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Wash Journal   Fairfield Ledger
Neighbors Growing Together | Dec 12, 2017

Man with cerebral palsy takes entire team to Iowa Cubs game

Jul 20, 2017
Photo by: GTNS photo Cody Harris, of Batavia, took his fellow Tenco Challenger softball teammates to an Iowa Cubs game. Above, Harris smiles while wearing a cubs shirt.

By Nicole Major, Golden Triangle News Service

 

BATAVIA — Cody Harris had a dream; a dream of being able to share an experience with his fellow Tenco Challenger softball teammates.

“He wanted to take his whole Challenger team to an Iowa Cubs baseball game in Des Moines,” one of Harris’s home health aids, Karen Humble said of him. “That’s the kind of heart this kid has.”

Harris, a Batavia resident who is an outgoing 30-year-old, has spastic cerebral palsy. He is also mute and wheelchair bound. Yet he found a way to make his dream of sharing a Cub’s game with his a reality.

In fact, through Harris’s hard work and determination, he raised enough funds for his teammates to not only attend a game, but he also arranged for their transportation to and from the game, and a way for all of his teammates to have a buffet dinner on him.

“They are also going to get to sit inside the Sky box!” Humble said, adding that they would enjoy the buffet meal there as well.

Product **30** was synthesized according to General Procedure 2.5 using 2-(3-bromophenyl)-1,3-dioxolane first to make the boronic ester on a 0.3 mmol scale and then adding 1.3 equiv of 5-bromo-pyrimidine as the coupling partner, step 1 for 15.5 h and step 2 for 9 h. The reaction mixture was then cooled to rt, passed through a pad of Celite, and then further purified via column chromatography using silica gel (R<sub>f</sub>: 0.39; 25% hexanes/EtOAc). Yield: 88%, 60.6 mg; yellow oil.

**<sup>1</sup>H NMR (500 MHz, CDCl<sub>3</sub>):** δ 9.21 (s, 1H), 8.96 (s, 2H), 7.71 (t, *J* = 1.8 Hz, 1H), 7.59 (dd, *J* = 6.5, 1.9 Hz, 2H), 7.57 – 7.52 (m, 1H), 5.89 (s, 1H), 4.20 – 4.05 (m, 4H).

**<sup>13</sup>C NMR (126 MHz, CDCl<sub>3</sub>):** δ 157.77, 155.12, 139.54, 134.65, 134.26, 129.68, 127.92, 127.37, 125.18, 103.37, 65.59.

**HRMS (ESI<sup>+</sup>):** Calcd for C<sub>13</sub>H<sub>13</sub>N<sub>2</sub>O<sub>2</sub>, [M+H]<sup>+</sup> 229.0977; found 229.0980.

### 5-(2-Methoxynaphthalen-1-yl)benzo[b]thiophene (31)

Harris, who has been to an Iowa Cub’s game before, began thinking in April of a way to facilitate a group trip.

“His brother’s [Shaefer] fiance, Kerrie, came up with the idea for him to raise the money for the trip through donations,” Humble said.

Although both of his parents, Batavia residents Brenda and Doug Parcell, are very supportive financially and otherwise, Harris let everyone know that he wanted to raise the money by himself.

With the help of Humble, Harris set out on his mission to raise the funds.

He received donations from businesses, such as the First National Bank of Fairfield, Devico Trucking in Batavia and Lindburg Chiropractic in Fairfield.

“Devico trucking in Batavia gave him $200,” Harris relayed to Humble during the interview using sign language.

It wasn’t long before he had raised enough money for all of his teammates, a couple of his friends who aren’t on the team, and some of his team’s caregivers to go.

Harris even orchestrated a deal with Ottumwa Cab for a van, which will likely leave from Fairfield for the game in early August.

“A lady that I take care of wanted to give him $100 toward gas for the cab,” Humble said.

Harris said that she and two other caregivers from Ottumwa Regional Medical Center helped Harris organize the funding campaign and get to potential donors.

Harris’s regular aid, Robert Wallace, has been sick, and was unable to be reached by press time.

“But he will be able to attend the game with Cody!” Humble said.

Although Harris cannot speak, and is confined to a wheelchair, Humble said she’s not surprised that he was able to accomplish his goal.

“He’s amazing ... he’s a website designer. He graduated from [Fairfield High School} and he took about a year of web design classes at Indian Hills Community College. He learned how to use his knee for a mouse! He goes to Camp Courageous and he ziplined one year. He and [Robert] did 25 miles on a bicycle for two at Ragbrai three years ago. He swims, plays ball and he bowlers.”

In addition to his building websites from time-to-time, Harris also sells essential oils online.

“He doesn’t let his disability hold him back,” Humble said. “Everywhere he goes, everyone knows him.”

Harris smiled widely.

“His nickname is ‘trouble’ because of that smile,” Humble said.

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